Quantification of mix and catch efficiency and evaluation in an integrated biosensor
PhD project Alexander van Reenen
The drive to miniaturization of sensors and micro-reactors is leading to the development of lab-on-a-chip systems. In these systems microfluidics plays an important role because fluid flow occurs on the millimeter to micrometer length scale. As a consequence, unconventional techniques need to be applied in order to induce the mixing of fluids and reagents inside the fluid, as well as the catching and transportation of low amounts of biological target material.
In this project we investigate the use of magnetic particles and magnetic fields to control mixing as well as catching processes. Novel concepts for particle actuation will be investigated to control the dynamics and efficiency of mixing, and to control catching and transportation of target material with particles coated with an activated surface.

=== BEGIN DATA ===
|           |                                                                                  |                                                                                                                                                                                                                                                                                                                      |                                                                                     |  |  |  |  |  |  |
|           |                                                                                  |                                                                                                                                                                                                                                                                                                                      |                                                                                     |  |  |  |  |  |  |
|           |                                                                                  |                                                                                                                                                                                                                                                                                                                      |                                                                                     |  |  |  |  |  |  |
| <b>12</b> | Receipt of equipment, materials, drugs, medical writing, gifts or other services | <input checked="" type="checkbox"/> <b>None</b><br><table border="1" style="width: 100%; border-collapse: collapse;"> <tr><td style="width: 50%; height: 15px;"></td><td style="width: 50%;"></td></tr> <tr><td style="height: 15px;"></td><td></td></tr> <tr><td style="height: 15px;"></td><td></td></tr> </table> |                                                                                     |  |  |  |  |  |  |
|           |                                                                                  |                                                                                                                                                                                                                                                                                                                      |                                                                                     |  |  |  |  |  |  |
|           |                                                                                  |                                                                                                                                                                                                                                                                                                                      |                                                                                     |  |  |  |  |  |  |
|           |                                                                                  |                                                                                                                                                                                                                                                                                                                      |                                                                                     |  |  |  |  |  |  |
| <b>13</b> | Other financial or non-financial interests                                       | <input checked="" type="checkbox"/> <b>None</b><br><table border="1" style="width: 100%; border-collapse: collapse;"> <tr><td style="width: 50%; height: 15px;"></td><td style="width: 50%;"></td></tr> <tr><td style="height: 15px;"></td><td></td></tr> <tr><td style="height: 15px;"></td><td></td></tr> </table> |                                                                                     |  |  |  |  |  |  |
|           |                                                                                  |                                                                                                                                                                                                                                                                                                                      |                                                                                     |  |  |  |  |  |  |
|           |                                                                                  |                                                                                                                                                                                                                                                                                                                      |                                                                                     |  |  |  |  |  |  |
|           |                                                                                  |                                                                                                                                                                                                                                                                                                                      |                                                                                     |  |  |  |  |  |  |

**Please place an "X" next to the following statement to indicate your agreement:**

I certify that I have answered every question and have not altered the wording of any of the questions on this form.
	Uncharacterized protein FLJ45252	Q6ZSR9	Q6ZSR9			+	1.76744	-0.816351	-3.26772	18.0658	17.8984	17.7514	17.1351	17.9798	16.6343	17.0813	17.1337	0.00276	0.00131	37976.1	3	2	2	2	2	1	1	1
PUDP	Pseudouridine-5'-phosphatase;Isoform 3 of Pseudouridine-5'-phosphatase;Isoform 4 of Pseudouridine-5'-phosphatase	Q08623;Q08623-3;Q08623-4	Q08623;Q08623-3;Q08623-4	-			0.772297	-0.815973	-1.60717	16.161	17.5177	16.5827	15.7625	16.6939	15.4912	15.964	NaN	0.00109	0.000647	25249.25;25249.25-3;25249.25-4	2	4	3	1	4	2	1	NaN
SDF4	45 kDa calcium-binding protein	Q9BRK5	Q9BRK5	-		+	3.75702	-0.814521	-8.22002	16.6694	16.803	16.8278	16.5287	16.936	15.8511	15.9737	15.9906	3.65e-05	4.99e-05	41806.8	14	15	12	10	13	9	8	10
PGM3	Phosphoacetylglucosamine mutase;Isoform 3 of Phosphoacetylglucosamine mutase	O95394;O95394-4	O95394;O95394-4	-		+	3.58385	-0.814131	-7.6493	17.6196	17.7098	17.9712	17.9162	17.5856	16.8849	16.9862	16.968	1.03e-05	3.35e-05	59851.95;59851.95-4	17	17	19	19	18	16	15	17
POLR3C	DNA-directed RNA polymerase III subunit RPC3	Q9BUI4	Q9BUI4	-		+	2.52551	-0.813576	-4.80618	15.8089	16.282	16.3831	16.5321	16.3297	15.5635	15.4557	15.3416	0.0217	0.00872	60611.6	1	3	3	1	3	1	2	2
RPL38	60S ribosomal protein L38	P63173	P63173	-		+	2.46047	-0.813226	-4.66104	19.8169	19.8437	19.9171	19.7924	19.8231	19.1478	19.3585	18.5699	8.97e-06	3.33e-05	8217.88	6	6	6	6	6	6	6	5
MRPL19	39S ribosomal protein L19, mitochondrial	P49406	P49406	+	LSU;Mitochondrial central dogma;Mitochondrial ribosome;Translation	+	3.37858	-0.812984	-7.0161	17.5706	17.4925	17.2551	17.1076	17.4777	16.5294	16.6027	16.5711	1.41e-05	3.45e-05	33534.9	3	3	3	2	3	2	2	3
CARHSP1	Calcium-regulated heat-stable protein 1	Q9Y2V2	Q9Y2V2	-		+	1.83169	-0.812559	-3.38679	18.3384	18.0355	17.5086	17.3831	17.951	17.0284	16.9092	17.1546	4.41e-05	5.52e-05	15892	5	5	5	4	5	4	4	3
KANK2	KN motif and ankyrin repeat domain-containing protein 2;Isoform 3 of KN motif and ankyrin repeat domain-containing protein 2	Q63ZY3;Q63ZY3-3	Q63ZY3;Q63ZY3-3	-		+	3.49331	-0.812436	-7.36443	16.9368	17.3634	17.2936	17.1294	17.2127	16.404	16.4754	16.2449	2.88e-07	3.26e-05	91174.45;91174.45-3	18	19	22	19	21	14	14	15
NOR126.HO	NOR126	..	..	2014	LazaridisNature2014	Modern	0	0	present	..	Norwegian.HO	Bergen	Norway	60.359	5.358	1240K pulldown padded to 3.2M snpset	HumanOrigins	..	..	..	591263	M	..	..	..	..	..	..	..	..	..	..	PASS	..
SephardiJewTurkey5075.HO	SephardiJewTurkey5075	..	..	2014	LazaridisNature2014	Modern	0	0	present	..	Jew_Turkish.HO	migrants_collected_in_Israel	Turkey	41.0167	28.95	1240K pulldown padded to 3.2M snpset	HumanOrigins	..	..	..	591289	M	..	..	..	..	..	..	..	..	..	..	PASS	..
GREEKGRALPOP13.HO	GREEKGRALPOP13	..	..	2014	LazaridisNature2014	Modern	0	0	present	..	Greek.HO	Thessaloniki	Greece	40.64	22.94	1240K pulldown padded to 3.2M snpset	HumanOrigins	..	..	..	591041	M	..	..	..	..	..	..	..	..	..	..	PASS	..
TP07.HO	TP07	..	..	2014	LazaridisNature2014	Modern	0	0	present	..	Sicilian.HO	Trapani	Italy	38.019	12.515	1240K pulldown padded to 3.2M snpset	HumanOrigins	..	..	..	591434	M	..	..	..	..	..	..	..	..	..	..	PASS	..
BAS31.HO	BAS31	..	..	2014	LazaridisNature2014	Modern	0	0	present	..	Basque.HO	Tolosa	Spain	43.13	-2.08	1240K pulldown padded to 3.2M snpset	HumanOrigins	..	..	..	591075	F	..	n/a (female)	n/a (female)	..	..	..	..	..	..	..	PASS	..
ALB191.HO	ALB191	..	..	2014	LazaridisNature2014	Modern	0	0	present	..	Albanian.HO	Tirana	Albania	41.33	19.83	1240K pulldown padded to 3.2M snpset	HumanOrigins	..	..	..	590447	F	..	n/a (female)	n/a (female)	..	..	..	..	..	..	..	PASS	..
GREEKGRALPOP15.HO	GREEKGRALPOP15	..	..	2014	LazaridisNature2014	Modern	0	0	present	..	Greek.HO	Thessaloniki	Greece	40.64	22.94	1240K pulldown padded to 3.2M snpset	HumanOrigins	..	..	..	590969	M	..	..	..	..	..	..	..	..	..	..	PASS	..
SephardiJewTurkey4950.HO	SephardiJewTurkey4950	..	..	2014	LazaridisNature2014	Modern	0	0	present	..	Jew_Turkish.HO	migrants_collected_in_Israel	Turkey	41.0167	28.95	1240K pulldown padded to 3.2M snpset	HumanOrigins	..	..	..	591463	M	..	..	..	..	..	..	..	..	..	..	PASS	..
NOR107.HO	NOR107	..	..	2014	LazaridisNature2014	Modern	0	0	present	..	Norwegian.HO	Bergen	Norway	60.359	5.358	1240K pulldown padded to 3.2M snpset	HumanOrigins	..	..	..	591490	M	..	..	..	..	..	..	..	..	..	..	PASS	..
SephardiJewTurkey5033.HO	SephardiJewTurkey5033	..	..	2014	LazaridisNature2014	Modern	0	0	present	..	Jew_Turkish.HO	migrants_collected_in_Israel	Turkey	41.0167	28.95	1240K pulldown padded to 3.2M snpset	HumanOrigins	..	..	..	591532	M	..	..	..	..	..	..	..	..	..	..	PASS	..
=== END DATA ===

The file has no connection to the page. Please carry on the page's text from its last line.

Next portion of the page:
The catch efficiency of bio-molecules by magnetic particles will be quantified. For this purpose we will investigate and compare different analysis techniques and biochemical systems to detect small amounts of bio-molecules with single-molecule resolution. We will use biological model assays to investigate the capture efficiency of the particles and the optimization of mixing by adaptation of the biosensor geometry and the magnetic actuation protocols. Finally, magneto-active mix and catch protocols will be evaluated in an integrated biosensor in cooperation with Philips Research.
This PhD project is performed in collaboration with the WDY group (Neehar Moharana) and the MATE group (Yang Gao), within the project “Magneto-active mixing and catching for microfluidic biosensors” which is funded by STW (www.stw.nl).